Yesterday, I participated in the second Twebinar (webinar and Twitter mash-up) of the social media summer series with Chris Brogan and Radian6. You can view the archived videos of the first Twebinar and yesterday’s Twebinar, Who Really Owns Your Brand?. Catch up on the Twitter backchannel chatter with hashtag, #tweb2.
Overall, the Twebinar addressed the basics of brand management in an online environment; the gold nuggets came from the unscripted chatter on Twitter amongst the participants. You can view the Twebinar and chatter at your leisure, many have written summaries of the pre-recorded video and conversation, but what I want to address today is a question asked by @sschablow:
The question syncs perfectly with the recent cover story of Wired Magazine, Buzz Bin post, You’re Internet Famous and Todd Defren’s personal branding post. This topic has been on my mind since Saturday when I first stumbled across the Wired article. I have been struggling with how to form my post because I don’t want my words to come off as a geeky girl writing this and being jealous of Julia Alison. Far from it. Truly, I am disgusted.
Pasted to both my laptop and desktop, I keep this phrase, “It’s not about you.”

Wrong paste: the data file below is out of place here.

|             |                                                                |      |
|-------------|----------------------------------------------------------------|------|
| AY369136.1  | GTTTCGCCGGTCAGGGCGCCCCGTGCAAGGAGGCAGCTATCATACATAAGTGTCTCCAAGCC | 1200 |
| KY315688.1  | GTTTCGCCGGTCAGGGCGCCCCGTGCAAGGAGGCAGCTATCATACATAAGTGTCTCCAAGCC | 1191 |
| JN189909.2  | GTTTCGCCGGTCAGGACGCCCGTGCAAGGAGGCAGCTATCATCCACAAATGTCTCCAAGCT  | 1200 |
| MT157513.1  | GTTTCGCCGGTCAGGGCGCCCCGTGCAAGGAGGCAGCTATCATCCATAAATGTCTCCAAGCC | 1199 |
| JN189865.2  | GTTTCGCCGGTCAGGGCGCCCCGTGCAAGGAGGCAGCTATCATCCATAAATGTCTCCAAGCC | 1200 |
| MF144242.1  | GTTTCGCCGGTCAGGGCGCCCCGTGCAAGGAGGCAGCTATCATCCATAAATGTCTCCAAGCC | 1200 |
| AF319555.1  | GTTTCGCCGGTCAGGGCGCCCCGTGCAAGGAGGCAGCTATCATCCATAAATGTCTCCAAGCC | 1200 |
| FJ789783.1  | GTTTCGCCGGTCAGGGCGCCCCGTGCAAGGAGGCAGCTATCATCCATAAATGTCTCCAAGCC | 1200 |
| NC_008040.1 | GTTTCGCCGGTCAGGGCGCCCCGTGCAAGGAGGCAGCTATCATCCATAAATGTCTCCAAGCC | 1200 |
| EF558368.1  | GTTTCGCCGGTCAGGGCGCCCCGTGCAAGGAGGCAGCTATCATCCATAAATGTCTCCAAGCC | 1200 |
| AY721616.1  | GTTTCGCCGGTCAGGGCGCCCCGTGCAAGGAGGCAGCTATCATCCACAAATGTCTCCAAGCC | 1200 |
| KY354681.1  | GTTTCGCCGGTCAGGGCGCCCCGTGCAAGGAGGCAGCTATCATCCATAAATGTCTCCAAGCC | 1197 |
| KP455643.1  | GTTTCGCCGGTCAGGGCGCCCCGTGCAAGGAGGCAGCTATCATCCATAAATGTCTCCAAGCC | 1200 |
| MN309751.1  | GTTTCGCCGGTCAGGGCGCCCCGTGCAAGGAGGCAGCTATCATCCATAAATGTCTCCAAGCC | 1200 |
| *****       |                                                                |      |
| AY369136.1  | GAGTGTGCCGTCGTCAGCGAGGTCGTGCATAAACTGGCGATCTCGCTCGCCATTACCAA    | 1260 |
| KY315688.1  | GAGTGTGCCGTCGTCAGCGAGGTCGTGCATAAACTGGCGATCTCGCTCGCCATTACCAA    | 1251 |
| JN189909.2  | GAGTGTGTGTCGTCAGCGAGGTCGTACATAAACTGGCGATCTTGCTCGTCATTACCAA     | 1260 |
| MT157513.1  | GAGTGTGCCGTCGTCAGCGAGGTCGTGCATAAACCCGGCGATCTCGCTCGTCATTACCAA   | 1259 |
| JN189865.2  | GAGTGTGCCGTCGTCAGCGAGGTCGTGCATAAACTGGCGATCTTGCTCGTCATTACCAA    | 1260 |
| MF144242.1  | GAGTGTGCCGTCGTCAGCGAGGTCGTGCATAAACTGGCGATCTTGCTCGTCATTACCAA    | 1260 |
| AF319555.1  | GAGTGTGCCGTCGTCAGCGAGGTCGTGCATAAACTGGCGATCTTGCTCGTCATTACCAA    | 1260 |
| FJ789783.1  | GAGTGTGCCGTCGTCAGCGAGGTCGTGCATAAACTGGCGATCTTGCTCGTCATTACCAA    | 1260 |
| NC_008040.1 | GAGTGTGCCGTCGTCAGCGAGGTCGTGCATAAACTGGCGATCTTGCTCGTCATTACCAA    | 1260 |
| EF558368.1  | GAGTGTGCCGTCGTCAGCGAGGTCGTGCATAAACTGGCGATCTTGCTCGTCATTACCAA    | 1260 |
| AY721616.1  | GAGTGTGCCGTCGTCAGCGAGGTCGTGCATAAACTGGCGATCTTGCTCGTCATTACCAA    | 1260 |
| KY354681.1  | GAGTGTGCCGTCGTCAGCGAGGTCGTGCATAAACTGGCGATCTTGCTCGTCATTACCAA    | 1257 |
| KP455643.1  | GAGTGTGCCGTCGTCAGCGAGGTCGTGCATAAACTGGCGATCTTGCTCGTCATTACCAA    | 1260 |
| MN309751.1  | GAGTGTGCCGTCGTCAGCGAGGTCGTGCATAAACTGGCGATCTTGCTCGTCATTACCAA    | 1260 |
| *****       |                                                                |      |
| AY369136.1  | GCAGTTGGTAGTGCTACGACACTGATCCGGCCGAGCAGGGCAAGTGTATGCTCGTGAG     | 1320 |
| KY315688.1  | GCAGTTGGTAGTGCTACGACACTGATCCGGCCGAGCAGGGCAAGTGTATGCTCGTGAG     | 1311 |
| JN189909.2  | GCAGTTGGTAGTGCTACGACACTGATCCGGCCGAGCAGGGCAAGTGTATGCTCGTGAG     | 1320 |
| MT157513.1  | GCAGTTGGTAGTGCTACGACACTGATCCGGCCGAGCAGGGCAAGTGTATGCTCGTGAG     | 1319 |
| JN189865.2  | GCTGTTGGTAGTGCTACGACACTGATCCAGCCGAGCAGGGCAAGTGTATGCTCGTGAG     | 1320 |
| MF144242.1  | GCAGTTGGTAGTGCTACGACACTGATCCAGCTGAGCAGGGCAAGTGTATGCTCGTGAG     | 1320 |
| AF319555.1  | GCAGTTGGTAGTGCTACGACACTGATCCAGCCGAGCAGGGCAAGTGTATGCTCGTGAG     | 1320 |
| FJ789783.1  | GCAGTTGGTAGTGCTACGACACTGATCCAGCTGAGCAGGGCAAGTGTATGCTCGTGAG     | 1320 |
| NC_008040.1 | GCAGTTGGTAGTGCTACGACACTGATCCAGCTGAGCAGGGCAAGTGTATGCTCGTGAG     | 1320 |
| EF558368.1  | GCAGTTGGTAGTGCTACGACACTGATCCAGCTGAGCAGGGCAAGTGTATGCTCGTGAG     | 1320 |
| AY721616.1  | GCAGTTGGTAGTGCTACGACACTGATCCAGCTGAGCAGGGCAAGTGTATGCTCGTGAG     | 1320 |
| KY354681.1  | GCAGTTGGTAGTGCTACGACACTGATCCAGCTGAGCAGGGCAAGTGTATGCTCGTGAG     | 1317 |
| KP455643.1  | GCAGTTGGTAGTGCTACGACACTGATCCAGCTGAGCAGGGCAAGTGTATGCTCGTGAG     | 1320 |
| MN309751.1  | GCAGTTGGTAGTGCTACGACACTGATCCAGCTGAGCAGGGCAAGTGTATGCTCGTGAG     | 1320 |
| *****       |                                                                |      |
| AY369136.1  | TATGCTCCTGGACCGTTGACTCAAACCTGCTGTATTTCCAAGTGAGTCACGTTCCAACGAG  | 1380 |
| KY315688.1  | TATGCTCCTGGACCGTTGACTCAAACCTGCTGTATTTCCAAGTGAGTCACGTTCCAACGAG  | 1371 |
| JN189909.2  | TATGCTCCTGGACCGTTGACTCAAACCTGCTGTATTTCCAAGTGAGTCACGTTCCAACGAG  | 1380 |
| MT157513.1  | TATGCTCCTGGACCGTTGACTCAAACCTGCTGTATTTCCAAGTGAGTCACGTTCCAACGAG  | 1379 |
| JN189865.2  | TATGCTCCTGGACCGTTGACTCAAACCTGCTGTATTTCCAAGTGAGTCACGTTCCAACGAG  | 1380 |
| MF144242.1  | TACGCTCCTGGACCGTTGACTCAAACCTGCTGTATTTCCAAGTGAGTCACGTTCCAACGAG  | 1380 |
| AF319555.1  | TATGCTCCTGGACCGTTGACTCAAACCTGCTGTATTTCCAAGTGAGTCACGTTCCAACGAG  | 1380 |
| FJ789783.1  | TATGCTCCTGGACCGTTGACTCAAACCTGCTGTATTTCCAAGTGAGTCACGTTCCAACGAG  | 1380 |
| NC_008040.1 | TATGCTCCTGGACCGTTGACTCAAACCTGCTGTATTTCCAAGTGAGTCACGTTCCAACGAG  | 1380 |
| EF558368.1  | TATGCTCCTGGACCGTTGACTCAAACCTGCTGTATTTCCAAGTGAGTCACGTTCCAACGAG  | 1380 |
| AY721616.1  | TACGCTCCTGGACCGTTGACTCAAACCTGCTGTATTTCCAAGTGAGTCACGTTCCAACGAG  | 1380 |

To answer @sschablow, everyone owns my personal brand. In the twebinar, Chris Heuer states, “Conversational space is where the brand lives.” Yes, I am responsible for my brand image…after all, I am the person who put myself in the space. I cannot control what people say about me, but I can control my actions. For example, my profile picture will not display me photographed with an alcoholic beverage. I may tweet about personal issues from time to time, but drunken or hateful tweets = never. Why? Because it is not about the brand of Lauren Vargas, per say, but all of the clients I represent on a daily basis. Promotion on this blog is not about Self, but about the betterment of the industry. If people take notice of me personally, this is just icing on the cake. Unlike Julia Allison, I have never listed as a goal, “become a cult figure.”
What really got me fired up while reading the Wired article was the 5 Ways to Be Like Julia section. Really, Ladies (or Gents, for that matter) is this how you want to represent?
- It’s not who you know, it’s who you’re next to. Isn’t that social… If this is your view, clients and peers will not look to you as being authentic and those thoughts will be directly transferred to your work.
- Dress against type. Stand out by standing up for what you believe. Be yourself.
- Embrace enigma. There is a difference between being interesting and being psychotic. Do you want your clients to think you a flake?
- Let your minions fight your battles. Ignore the sick people. Don’t encourage them. Stand up for yourself, but don’t overreact. By the way, these folks would not be my minions, but my peers.
- Be a hot woman with an exhibitionist streak. Seriously?
This post is not a bash against Julia. I do not know her or pretend to know her true character. I just find it sad this publication would publish this filth. There are way too many susceptible people who will read and mock actions outlined in article. Is this what is wanted? Stand out…take responsibility for your brand, but know you are representing far more than just Self.